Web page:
I am not saying that Rent is the be all to the reality of social issues but it does talk about issues that some people cannot or refuse to accept. The truth is these people exist; HIV positive people exist, homosexuals and transgendered people exist, homophobic people exist, homeless people exist, drug users exist. These people are not any less deserving of dignity, help or love. They have people who love them, they have dreams, they have problems, they have talents and skills, they need help, they help others.

I don’t understand how anyone can look at people like this and believe that they are not deserving of help, love, acceptance or respect.

I had a phrase that I started using in high school. I felt like I was the only one willing to admit that I believed in homosexual rights. Many discussions consisted of me on one side of the debate with the rest of my class on the other. Their argument, it’s not normal. My defense, define normal? A concrete definition of normal does not exist in this ever changing world. What does exist is social reality. Obviously if homosexuality, homelessness, disease, illness or drug use exist, this makes it a social reality. Fine, some people have strong opinions on these social issues. I don’t expect everyone to accept everyone else, but you better well respect them. How does someone else’s sexuality harm you?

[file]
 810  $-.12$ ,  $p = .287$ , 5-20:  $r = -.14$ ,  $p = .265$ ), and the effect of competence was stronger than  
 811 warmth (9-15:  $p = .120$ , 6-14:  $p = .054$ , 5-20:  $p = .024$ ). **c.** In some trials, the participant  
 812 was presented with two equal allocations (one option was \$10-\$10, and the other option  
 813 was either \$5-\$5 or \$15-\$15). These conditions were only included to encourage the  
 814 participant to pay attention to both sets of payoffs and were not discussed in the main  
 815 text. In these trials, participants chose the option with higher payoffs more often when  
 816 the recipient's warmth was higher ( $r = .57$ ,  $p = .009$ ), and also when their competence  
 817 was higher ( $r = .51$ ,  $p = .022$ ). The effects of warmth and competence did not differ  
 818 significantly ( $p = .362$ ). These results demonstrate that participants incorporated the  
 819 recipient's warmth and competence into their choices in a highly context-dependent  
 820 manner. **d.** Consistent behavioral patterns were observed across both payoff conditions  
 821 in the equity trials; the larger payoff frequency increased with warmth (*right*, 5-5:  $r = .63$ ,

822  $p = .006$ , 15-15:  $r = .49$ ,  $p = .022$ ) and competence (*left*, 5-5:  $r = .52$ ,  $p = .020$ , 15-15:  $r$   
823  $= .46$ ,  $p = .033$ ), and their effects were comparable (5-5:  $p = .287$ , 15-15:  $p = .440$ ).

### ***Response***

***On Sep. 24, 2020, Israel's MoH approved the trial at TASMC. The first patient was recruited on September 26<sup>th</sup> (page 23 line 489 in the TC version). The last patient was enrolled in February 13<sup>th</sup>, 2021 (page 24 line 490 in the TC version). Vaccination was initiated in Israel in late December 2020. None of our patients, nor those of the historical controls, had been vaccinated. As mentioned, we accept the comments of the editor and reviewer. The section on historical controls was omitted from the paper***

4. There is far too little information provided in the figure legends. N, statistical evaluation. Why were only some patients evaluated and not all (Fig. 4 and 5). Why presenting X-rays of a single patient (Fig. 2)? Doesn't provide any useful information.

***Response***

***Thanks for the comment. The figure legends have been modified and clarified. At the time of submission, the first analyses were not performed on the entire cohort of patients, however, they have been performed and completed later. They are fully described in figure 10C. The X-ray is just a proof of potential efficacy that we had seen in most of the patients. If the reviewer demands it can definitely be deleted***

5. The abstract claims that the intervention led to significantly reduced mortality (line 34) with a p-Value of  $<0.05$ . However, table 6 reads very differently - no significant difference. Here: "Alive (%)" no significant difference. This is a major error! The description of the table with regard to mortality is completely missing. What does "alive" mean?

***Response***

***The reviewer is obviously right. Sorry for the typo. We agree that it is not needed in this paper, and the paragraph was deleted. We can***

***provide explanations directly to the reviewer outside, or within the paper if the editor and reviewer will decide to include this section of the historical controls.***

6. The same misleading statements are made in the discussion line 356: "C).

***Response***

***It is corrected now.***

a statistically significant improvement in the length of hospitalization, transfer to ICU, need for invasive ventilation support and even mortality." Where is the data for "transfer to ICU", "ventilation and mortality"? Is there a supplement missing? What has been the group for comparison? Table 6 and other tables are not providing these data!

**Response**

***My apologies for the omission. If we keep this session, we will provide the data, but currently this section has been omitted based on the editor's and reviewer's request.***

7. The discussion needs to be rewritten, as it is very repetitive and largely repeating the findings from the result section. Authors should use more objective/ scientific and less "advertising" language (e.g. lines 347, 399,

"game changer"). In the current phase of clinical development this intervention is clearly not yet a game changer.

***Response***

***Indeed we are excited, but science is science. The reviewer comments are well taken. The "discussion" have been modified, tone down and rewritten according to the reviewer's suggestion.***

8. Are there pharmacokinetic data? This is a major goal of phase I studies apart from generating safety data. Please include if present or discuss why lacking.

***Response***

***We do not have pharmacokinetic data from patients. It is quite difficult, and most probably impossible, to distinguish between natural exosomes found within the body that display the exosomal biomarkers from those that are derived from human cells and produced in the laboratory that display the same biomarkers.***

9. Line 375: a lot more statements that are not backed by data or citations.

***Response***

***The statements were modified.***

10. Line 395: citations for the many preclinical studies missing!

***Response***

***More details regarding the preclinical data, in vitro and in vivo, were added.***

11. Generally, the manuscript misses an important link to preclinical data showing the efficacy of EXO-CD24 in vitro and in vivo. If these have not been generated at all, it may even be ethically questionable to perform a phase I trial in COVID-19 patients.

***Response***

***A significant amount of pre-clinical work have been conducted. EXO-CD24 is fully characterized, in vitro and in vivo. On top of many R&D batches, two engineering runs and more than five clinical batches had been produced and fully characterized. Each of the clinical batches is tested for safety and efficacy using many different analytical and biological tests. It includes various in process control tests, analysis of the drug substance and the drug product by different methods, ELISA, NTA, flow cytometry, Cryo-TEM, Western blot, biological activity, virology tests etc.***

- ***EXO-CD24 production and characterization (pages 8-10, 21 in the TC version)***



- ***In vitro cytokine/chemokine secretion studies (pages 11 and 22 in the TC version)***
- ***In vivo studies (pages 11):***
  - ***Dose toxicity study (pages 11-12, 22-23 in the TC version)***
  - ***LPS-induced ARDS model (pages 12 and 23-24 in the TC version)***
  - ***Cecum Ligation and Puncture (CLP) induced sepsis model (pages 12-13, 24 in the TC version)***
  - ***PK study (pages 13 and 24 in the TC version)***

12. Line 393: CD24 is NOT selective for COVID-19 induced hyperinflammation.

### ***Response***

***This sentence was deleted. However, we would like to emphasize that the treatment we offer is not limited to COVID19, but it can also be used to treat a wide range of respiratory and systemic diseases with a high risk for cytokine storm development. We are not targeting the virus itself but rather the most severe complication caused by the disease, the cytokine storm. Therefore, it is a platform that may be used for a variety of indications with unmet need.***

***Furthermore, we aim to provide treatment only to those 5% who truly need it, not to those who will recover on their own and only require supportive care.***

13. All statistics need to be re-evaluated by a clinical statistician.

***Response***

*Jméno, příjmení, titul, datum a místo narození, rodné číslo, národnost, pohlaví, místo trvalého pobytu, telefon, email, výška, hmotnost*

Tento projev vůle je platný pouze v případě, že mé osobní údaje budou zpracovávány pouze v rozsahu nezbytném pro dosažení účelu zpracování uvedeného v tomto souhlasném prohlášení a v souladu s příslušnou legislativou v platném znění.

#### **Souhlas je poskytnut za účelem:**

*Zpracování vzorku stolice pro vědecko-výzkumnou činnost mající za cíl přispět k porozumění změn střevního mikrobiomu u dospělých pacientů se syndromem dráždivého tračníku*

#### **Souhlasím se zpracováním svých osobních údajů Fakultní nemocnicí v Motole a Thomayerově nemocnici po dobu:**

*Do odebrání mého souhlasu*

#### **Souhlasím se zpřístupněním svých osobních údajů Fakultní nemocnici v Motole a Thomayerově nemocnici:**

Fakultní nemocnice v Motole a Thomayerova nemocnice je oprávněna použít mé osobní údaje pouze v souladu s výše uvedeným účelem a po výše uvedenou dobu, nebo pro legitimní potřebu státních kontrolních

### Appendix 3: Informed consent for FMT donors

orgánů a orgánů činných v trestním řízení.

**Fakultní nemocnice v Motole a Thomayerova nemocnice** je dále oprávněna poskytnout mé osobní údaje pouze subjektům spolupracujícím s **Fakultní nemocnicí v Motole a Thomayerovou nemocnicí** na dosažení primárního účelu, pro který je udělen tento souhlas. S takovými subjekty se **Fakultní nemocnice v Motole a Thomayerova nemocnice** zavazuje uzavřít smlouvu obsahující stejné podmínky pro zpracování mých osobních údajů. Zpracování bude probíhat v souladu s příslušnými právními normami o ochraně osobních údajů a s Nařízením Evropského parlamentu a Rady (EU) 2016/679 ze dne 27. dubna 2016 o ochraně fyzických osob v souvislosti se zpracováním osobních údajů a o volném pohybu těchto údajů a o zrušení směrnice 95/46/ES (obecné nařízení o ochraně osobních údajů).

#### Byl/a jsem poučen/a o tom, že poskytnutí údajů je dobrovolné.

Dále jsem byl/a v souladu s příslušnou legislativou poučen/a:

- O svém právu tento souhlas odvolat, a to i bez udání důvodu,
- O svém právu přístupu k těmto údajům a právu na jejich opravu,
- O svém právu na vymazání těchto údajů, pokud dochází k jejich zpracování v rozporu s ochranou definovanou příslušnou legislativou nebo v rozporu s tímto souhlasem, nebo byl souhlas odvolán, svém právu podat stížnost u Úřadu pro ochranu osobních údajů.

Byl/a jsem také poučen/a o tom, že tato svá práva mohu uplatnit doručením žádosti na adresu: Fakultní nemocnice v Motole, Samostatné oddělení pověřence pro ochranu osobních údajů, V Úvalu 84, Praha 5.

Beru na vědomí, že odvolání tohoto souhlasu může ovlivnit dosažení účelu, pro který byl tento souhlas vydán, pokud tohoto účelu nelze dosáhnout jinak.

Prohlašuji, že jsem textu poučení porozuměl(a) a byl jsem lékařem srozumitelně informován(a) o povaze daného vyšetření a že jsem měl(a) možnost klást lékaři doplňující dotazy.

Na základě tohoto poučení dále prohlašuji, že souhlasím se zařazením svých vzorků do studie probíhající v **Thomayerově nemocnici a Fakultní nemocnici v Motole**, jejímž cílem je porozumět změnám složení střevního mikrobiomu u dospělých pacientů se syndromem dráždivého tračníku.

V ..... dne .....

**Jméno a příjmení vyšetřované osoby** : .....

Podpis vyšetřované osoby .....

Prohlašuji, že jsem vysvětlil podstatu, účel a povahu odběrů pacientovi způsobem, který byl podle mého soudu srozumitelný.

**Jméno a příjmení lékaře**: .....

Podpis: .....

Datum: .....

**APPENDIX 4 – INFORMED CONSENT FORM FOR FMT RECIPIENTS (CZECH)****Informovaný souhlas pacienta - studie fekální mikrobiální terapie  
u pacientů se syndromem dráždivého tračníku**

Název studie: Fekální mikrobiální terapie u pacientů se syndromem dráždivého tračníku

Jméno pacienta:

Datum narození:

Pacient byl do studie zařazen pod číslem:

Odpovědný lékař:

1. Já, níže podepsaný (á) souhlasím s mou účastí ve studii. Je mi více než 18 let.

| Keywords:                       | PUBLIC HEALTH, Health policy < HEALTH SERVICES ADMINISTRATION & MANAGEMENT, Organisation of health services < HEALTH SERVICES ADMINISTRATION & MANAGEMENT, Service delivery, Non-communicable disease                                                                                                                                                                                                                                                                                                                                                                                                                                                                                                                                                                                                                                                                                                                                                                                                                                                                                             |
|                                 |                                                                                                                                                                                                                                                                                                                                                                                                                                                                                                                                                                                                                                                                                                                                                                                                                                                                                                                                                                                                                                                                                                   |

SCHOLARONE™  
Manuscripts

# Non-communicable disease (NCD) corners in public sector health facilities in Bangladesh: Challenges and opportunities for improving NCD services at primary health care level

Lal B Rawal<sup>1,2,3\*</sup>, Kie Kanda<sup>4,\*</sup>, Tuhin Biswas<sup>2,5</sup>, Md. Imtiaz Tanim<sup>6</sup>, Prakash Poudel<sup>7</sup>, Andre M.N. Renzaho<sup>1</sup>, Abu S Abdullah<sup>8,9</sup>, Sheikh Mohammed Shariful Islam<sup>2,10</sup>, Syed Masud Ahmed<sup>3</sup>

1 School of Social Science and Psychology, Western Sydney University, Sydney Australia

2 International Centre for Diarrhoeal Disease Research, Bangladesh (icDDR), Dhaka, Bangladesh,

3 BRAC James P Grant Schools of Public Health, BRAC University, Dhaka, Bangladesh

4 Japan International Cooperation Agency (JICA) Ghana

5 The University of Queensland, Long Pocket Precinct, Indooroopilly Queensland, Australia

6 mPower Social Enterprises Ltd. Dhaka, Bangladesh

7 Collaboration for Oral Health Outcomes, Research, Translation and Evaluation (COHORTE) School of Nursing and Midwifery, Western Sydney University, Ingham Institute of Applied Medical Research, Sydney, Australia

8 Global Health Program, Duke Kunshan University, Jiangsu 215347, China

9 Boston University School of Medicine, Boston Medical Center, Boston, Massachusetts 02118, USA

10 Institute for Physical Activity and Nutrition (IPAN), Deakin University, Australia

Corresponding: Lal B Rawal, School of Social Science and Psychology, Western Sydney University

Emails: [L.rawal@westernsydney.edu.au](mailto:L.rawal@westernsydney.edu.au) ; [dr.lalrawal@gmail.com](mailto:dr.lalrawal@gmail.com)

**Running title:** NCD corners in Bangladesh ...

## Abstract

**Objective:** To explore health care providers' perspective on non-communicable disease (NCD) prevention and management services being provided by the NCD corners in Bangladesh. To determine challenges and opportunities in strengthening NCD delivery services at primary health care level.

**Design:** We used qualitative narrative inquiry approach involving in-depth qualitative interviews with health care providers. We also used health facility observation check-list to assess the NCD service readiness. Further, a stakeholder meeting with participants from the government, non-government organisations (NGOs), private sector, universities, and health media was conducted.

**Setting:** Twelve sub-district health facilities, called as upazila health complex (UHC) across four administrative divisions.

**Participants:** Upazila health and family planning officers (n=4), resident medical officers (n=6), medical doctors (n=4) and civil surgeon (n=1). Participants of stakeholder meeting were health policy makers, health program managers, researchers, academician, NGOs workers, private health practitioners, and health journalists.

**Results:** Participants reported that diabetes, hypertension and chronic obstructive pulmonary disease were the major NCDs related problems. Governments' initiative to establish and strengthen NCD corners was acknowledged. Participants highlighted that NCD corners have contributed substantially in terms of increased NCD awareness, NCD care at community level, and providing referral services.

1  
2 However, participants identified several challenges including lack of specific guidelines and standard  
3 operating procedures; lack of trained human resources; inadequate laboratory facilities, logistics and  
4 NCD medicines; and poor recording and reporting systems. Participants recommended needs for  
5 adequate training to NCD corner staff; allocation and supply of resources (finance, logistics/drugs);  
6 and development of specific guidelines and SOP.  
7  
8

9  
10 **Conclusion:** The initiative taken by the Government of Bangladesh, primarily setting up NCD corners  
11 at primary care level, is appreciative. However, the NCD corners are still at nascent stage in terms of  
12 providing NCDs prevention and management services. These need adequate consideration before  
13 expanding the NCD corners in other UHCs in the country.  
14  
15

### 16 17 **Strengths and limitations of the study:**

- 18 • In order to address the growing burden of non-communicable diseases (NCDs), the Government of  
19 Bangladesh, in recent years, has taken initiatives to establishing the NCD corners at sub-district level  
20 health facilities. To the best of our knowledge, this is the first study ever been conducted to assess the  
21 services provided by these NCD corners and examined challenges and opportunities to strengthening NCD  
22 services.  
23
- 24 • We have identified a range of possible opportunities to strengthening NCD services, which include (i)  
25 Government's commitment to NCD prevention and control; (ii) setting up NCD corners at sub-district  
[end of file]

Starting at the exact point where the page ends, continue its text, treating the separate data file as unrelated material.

I hope to live my life by three simple rules; love others, respect others, accept others. Let these rules be mutual among the people I meet everyday and let me use these rules even upon people who break them.